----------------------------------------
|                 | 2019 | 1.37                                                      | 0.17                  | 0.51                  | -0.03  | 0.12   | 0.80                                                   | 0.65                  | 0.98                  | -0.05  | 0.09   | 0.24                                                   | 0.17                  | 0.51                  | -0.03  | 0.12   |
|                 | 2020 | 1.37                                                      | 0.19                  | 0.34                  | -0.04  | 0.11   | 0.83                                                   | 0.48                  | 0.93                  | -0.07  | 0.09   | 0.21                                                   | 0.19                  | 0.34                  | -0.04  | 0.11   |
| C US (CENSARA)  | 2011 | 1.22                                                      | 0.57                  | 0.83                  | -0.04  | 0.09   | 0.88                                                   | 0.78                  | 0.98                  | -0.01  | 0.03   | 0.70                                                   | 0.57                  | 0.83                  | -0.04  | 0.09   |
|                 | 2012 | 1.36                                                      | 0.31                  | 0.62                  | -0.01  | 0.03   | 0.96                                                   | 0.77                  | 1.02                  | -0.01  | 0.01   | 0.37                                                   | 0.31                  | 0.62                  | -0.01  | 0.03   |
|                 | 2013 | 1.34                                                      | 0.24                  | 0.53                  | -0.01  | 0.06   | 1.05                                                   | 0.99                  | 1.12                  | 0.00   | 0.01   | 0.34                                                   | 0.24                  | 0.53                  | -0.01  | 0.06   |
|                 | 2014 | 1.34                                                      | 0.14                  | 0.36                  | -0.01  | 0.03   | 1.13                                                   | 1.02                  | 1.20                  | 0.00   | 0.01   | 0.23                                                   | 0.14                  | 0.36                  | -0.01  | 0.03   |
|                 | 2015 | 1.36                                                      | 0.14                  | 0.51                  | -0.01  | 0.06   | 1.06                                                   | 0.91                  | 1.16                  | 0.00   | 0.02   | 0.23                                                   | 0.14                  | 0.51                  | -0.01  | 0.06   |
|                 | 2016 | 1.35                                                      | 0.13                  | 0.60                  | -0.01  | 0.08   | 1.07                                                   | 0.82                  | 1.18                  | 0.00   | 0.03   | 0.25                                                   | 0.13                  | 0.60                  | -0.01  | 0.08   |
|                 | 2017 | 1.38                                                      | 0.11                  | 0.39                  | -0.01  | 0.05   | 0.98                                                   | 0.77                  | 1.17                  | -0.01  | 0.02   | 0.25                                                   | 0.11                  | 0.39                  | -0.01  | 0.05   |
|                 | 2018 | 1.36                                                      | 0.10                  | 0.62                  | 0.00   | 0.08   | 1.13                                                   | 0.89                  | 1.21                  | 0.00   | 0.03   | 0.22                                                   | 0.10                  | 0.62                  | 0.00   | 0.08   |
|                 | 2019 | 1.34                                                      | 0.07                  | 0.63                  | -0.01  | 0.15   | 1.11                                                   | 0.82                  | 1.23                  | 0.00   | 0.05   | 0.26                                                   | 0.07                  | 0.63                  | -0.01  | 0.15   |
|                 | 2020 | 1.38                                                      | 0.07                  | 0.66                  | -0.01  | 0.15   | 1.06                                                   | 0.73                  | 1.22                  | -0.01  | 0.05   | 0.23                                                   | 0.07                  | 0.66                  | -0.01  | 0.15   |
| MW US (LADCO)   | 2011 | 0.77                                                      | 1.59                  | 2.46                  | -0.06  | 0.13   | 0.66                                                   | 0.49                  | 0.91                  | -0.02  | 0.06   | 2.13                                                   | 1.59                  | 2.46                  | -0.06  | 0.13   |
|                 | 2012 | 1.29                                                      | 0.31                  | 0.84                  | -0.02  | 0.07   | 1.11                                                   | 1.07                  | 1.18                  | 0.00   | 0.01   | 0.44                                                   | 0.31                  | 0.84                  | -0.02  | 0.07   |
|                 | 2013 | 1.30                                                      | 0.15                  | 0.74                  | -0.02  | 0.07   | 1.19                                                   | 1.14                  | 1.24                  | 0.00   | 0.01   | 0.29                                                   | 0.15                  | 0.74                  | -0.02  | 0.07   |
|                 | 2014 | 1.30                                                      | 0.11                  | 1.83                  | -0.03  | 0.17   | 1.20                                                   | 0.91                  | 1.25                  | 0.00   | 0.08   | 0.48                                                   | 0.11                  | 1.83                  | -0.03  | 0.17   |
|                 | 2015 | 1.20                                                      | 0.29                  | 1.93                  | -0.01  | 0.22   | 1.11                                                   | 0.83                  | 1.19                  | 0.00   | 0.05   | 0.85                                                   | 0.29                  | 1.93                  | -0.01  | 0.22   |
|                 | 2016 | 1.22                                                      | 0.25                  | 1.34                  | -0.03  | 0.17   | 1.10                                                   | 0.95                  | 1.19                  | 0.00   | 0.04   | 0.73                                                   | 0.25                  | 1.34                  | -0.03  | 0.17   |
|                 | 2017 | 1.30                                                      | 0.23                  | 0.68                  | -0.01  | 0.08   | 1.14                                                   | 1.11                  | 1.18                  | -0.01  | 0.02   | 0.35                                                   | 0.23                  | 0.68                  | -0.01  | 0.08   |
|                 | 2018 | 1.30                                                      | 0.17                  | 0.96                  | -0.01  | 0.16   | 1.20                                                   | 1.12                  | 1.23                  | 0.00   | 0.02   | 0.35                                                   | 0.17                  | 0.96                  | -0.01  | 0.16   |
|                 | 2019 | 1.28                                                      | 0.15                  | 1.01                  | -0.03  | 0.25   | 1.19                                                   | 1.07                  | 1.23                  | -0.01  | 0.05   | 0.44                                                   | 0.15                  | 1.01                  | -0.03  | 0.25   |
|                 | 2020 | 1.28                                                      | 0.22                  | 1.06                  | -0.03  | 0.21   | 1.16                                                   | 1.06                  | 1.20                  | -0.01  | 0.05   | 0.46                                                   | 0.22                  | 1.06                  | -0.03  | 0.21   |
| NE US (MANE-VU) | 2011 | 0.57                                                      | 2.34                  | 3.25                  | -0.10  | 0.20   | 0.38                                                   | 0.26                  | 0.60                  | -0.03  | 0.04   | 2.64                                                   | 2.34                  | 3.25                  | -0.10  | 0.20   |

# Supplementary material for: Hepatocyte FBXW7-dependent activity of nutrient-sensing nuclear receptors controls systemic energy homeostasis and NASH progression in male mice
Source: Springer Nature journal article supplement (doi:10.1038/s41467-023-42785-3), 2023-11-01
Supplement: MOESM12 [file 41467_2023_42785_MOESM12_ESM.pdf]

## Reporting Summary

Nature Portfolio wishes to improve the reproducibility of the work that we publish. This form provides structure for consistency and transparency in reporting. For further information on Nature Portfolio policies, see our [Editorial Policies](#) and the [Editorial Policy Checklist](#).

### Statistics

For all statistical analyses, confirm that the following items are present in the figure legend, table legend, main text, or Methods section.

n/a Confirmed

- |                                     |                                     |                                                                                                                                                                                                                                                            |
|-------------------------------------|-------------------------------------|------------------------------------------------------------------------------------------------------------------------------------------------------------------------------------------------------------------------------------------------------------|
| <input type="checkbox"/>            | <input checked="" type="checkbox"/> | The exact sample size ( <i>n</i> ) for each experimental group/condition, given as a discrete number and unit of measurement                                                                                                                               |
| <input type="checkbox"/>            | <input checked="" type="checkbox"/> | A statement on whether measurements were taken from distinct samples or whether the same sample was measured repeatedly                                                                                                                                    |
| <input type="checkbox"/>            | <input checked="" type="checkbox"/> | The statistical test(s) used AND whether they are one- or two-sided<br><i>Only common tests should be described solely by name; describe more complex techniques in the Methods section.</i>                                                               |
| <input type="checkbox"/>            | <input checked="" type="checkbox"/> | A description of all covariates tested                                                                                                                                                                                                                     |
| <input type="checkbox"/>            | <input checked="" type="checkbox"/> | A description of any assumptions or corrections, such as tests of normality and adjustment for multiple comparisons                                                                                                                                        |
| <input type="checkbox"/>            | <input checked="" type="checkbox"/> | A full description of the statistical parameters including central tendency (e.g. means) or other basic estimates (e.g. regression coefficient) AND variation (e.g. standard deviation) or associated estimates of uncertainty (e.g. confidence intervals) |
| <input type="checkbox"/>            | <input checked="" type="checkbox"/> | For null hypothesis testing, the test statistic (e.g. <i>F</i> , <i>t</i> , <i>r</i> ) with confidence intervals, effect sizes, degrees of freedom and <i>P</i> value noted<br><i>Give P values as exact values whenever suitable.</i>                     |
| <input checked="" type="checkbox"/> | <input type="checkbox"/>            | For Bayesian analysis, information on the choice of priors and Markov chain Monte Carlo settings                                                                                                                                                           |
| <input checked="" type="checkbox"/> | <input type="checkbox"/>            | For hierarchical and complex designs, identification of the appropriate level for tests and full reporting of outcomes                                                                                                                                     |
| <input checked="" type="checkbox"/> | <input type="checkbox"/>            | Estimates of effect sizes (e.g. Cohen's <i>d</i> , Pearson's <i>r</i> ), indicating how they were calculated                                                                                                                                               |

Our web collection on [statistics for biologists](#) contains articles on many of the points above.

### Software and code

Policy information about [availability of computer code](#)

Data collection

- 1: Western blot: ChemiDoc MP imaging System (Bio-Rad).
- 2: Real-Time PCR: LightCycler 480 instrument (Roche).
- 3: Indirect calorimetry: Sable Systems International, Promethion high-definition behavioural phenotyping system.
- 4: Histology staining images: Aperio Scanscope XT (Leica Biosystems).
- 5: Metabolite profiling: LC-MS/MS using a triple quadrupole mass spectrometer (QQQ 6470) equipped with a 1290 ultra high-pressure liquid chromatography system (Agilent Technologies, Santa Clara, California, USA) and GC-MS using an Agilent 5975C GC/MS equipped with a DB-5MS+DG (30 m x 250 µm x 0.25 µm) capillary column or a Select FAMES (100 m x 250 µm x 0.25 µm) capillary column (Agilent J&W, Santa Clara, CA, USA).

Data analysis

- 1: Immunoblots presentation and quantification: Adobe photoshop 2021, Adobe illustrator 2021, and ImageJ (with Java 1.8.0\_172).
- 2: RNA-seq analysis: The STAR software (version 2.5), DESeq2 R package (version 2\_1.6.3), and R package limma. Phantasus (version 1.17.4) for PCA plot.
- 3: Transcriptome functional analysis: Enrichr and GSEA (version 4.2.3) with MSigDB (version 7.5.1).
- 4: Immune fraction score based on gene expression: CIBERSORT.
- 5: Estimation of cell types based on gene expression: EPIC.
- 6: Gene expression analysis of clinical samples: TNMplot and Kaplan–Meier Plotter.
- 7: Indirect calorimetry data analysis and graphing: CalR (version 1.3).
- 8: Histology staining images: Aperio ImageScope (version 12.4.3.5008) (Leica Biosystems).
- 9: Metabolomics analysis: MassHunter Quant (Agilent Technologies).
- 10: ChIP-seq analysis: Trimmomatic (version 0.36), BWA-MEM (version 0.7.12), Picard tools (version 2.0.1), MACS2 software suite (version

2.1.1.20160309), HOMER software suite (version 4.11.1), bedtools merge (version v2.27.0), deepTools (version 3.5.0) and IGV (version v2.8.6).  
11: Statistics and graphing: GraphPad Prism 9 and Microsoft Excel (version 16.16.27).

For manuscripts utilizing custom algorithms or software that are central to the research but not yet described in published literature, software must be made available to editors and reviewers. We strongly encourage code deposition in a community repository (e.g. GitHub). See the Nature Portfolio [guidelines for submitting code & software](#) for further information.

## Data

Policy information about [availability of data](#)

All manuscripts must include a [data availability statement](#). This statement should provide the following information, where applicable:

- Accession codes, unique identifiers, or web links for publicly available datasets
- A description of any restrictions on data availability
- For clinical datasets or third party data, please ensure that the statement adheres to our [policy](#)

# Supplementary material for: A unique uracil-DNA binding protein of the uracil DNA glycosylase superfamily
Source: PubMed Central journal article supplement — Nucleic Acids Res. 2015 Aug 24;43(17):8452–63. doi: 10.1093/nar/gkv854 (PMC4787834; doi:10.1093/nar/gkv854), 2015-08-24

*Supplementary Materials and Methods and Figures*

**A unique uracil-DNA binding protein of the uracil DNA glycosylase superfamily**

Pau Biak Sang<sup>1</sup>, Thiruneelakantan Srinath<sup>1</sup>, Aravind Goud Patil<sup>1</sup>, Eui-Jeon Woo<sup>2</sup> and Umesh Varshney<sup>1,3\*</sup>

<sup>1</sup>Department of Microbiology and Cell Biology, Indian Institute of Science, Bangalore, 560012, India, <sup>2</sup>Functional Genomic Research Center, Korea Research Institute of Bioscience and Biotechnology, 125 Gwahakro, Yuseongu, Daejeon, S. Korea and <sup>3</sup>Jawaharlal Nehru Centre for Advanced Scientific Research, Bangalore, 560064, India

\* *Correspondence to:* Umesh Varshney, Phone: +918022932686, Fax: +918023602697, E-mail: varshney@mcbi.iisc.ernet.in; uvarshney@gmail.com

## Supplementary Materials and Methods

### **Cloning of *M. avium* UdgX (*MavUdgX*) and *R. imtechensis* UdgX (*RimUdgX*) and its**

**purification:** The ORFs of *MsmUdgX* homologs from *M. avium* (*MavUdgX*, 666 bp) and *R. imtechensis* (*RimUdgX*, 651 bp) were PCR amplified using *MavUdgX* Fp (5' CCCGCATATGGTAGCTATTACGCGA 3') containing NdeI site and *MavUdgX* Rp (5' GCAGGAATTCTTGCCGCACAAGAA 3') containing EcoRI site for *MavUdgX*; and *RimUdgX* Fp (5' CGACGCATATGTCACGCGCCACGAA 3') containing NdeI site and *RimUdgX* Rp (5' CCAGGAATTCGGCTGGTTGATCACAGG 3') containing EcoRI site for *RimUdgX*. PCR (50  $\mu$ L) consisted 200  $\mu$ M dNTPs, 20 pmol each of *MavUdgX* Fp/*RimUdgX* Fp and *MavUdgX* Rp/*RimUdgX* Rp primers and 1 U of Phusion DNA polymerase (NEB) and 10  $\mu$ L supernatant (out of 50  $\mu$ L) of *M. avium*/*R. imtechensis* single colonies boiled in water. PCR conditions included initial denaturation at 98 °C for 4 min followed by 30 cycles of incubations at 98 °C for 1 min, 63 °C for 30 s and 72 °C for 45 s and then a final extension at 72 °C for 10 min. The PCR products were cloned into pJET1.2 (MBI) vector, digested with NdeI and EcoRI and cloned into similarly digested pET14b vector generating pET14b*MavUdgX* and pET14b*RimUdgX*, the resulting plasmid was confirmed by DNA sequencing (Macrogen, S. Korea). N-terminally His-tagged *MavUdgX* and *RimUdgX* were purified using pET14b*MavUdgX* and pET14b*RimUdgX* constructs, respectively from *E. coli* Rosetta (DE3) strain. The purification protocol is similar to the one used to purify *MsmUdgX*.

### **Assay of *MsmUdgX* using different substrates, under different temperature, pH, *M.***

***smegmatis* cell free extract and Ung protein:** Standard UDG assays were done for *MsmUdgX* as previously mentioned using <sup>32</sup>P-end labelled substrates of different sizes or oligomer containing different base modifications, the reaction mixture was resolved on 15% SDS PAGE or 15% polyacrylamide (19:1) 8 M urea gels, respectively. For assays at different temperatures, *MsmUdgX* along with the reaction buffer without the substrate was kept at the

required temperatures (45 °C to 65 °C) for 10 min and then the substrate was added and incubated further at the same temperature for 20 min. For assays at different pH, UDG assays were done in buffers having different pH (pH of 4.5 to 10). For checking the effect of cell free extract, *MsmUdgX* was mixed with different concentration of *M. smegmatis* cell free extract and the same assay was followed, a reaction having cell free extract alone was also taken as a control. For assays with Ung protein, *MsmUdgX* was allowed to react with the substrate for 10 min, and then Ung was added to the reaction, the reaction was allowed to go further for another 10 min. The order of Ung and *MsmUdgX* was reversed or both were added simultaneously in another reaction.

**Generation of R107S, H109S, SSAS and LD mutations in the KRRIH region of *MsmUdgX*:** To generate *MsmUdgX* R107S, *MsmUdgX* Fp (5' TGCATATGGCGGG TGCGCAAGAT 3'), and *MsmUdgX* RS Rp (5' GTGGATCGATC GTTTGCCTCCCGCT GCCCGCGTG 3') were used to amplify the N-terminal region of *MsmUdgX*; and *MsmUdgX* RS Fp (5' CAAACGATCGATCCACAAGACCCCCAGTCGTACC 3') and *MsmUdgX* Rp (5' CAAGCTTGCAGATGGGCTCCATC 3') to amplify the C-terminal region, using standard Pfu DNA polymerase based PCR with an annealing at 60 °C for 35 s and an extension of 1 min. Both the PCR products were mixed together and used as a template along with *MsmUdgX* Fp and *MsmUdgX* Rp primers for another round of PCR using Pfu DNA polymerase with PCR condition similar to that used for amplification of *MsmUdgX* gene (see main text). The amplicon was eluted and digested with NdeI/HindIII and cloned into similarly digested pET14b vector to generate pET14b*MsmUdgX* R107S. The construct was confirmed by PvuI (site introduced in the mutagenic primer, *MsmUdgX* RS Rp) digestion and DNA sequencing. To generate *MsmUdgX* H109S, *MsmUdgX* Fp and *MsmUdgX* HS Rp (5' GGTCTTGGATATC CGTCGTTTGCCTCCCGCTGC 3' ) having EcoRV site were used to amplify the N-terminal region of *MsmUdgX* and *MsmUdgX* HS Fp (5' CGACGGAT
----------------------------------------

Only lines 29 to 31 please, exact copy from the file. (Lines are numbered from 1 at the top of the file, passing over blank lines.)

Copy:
### Statistics

For all statistical analyses, confirm that the following items are present in the figure legend, table legend, main text, or Methods section.

n/a Confirmed